Today, we spent the whole day at Guilin’s Qixing Gongyuan (Seven Star Park). Former U.S. President Bill Clinton visited this park and gave a speech on environmentalism there. Guilin is a Tier 2 city in southwestern China where growth is primarily driven by tourism. Locals and tourists from other parts of China frequent the park. In this post, I will be showing their faces.
The three year-old girl in the photo below left a very strong impression on me. Her parents operate some rides in the kid area of the park. All the workers in that area know and take turns watching her with her parents. She spends her Saturdays there enjoying kid rides for free.
Continue reading Faces of Guilin
Times certainly are changing. As hundreds of millions Chinese travel for family reunion, increasing number are taking the time to go abroad and indulge themselves.
Chinese tourists have gone on shopping sprees to Japan and then Taiwan in recent years, since US visa is notoriously difficult to obtain (Chinese applicants are denial-based.) Now, it seems US is relaxing tourist visa rule to draw Chinese shoppers to America:
Continue reading Chinese Shoppers Spend New Year’s In America
I don’t really know what to say about this. So, I’ll just jump right to the pictures:
In 2002, this rock formation was found in Pintang county, in Guizhou province. This rock face is apparently one half of a larger boulder that split about 500 years ago. The local government began to insist that the formation, itself approximately 270 million years old, reads “Chinese Communist Party” (中国共产党). If you believe local press reports, local villagers have started calling the stone the “Savior’s Stone” (救星石). Conveniently, it has become a tourist destination in Guizhou province. (See promotional video.)
Ironically, it’s not the Communist Party or the mainland press that focuses on the “savior stone” these days. Even though Guizhou, also the site of the recent Weng’an riots, is one of the poorest, most backward regions in China… I think the mainland public is way too sophisticated for this kind of nonsense.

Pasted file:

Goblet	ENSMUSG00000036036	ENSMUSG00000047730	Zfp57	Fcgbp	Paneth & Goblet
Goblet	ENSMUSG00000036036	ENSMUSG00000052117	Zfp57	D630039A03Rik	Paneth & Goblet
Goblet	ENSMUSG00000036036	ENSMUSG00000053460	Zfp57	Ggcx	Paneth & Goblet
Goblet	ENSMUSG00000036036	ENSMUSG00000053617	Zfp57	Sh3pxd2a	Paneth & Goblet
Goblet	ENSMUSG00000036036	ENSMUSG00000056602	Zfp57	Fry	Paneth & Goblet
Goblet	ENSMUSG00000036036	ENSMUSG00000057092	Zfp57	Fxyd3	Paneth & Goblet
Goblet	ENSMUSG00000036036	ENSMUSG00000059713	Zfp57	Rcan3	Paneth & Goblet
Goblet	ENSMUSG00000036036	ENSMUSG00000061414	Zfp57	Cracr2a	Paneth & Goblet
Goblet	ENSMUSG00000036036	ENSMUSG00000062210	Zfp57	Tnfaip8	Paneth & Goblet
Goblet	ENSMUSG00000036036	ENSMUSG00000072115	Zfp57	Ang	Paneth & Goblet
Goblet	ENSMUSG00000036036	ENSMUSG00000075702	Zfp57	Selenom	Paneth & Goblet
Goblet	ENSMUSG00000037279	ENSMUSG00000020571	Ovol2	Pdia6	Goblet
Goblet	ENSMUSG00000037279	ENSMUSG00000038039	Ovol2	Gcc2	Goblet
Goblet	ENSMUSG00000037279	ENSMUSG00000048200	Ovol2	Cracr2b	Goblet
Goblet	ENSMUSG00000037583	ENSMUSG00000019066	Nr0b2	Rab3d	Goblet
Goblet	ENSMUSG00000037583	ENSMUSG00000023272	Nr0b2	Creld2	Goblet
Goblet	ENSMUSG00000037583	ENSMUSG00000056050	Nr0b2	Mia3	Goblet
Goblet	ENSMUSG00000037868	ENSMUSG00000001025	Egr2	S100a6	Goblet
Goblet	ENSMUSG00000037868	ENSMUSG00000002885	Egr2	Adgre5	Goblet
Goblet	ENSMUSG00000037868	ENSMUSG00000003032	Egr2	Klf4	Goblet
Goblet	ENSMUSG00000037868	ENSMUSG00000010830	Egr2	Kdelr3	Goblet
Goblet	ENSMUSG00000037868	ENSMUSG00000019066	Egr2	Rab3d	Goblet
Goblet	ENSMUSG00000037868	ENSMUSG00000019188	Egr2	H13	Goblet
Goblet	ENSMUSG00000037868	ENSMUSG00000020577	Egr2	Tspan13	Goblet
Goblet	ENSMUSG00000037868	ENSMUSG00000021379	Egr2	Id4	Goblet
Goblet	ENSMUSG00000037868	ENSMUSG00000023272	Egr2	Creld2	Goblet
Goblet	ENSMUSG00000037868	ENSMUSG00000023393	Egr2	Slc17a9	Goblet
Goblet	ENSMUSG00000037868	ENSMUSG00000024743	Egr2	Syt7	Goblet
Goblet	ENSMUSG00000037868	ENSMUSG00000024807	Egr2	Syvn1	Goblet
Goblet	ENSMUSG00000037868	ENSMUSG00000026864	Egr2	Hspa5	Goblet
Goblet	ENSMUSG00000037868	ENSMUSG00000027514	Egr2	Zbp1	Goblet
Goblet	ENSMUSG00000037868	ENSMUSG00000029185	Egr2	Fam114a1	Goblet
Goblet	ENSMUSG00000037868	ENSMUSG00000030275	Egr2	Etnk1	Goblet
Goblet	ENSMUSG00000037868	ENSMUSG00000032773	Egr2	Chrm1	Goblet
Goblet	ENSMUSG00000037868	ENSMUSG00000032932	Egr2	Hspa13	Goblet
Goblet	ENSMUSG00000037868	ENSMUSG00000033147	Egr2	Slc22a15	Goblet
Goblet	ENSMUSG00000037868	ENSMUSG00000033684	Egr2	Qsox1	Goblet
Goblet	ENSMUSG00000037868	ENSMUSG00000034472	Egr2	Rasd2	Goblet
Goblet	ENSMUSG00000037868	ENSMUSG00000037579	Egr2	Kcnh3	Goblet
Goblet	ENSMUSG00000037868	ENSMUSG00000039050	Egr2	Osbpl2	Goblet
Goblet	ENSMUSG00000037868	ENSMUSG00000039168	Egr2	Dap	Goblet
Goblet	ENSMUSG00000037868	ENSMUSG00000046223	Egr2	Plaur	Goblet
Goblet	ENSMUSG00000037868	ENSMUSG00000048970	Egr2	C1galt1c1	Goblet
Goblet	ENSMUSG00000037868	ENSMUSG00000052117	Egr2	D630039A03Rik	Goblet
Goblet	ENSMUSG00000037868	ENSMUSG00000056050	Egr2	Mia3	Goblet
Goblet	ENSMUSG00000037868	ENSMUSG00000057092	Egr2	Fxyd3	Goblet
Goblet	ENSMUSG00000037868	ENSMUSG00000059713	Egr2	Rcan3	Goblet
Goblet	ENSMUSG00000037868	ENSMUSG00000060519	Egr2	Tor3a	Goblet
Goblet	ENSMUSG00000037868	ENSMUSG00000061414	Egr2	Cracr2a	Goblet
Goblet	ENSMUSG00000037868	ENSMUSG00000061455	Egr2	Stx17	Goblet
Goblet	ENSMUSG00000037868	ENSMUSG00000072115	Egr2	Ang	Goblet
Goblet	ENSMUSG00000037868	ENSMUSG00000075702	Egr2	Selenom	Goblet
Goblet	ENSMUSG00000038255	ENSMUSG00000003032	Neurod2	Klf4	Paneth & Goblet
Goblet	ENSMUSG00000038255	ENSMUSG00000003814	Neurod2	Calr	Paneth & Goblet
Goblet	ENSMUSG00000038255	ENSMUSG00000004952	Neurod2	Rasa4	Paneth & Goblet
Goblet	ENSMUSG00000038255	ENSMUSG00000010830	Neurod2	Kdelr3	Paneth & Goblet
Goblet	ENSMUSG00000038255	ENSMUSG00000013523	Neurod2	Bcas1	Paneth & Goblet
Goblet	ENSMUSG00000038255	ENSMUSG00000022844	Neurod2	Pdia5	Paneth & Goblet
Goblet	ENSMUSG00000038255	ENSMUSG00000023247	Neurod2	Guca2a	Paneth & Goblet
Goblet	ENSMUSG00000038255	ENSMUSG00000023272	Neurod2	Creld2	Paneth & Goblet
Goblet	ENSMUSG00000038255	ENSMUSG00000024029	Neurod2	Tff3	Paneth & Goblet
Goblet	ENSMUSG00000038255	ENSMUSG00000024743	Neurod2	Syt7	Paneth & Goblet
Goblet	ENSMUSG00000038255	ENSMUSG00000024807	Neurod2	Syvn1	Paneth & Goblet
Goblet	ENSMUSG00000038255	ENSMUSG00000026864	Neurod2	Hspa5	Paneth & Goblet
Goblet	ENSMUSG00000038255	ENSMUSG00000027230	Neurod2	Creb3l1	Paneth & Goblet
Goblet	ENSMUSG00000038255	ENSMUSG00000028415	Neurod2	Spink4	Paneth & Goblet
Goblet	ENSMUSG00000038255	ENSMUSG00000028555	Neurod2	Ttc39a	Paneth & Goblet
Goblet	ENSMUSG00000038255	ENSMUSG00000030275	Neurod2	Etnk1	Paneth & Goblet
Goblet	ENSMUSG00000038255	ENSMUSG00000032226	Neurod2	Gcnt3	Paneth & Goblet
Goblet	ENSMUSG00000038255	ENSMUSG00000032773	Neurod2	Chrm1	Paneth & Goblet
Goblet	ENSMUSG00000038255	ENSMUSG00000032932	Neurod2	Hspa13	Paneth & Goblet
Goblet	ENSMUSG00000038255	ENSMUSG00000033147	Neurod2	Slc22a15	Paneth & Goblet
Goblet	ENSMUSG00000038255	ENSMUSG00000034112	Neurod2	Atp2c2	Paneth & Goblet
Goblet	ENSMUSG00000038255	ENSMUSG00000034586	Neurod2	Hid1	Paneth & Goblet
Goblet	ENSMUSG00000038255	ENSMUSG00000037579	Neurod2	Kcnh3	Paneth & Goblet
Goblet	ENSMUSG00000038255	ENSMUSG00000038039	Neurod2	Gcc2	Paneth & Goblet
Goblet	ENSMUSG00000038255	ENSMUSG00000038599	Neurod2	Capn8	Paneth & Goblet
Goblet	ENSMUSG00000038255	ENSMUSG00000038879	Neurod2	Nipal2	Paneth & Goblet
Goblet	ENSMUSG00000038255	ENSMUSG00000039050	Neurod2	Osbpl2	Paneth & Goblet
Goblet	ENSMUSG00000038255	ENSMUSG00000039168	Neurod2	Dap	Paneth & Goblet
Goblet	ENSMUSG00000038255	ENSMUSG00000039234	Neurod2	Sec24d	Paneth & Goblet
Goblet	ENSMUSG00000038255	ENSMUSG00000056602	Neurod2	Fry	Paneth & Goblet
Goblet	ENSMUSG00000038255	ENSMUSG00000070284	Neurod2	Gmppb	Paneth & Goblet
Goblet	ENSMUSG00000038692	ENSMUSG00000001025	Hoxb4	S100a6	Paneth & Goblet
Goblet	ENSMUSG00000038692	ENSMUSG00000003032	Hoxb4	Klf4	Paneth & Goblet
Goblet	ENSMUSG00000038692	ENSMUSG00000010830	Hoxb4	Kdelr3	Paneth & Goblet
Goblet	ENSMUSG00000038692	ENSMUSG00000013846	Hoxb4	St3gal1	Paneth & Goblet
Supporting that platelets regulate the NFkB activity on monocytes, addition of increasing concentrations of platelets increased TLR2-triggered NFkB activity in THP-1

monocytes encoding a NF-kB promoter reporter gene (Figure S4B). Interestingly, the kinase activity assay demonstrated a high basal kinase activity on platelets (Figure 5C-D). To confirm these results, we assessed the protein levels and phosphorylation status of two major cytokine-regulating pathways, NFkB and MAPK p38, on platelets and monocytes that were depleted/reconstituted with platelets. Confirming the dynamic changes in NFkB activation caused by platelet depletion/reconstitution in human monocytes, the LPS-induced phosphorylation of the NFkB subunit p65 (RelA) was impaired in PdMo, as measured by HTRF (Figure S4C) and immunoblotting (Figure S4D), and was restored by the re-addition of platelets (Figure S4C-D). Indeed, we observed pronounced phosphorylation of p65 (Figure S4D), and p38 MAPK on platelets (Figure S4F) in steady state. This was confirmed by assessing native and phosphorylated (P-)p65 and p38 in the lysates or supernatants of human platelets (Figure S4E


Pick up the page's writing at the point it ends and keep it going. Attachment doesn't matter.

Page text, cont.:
Instead, it’s the Falun Gong that finds the topic most interesting. Why? Because with completely seriousness, it insists the rock formation actually has another character to the right: “dies” (亡). See FLG-produced video for the full, comical story.
Ever since China flung open its doors in 1978, many Chinese have wanted to visit the United States. There’s a great deal of fascination with the world’s greatest superpower. But unfortunately, the door has almost always been closed. Initially by tight Chinese standards that restricted who could have access to a passport, but over the past decade, by tight American visa standards.
This issue has been discussed before (Washington Post article, 2006), although not many in the West are fully aware how difficult the visa issue has been in years past. The only Chinese who’ve entered the United States in the last two decades have been here to study, work, or to visit family. And even in these cases, after presenting an entire library of supporting documents to an often hostile consulate officer, a significant percentage (majority?) are denied visas for no obvious reason. It’s ironic to me that even as the United States government funds dissident groups in China in an attempt to spread the word on democracy, it keeps out hundreds of thousands of average Chinese willing to pay for the privilege of visiting.
But China’s economic growth has finally led to a change. Starting this fall, Chinese tourists will be given the opportunity to visit in groups. Chinese tourists will still have to appear at consulates for a face-to-face interview, but the indication is that visas will now be granted to the vast majority of qualified applicants.
Below is an article (文章) with a few early details:
Continue reading America opens its doors, slightly, to Chinese tourists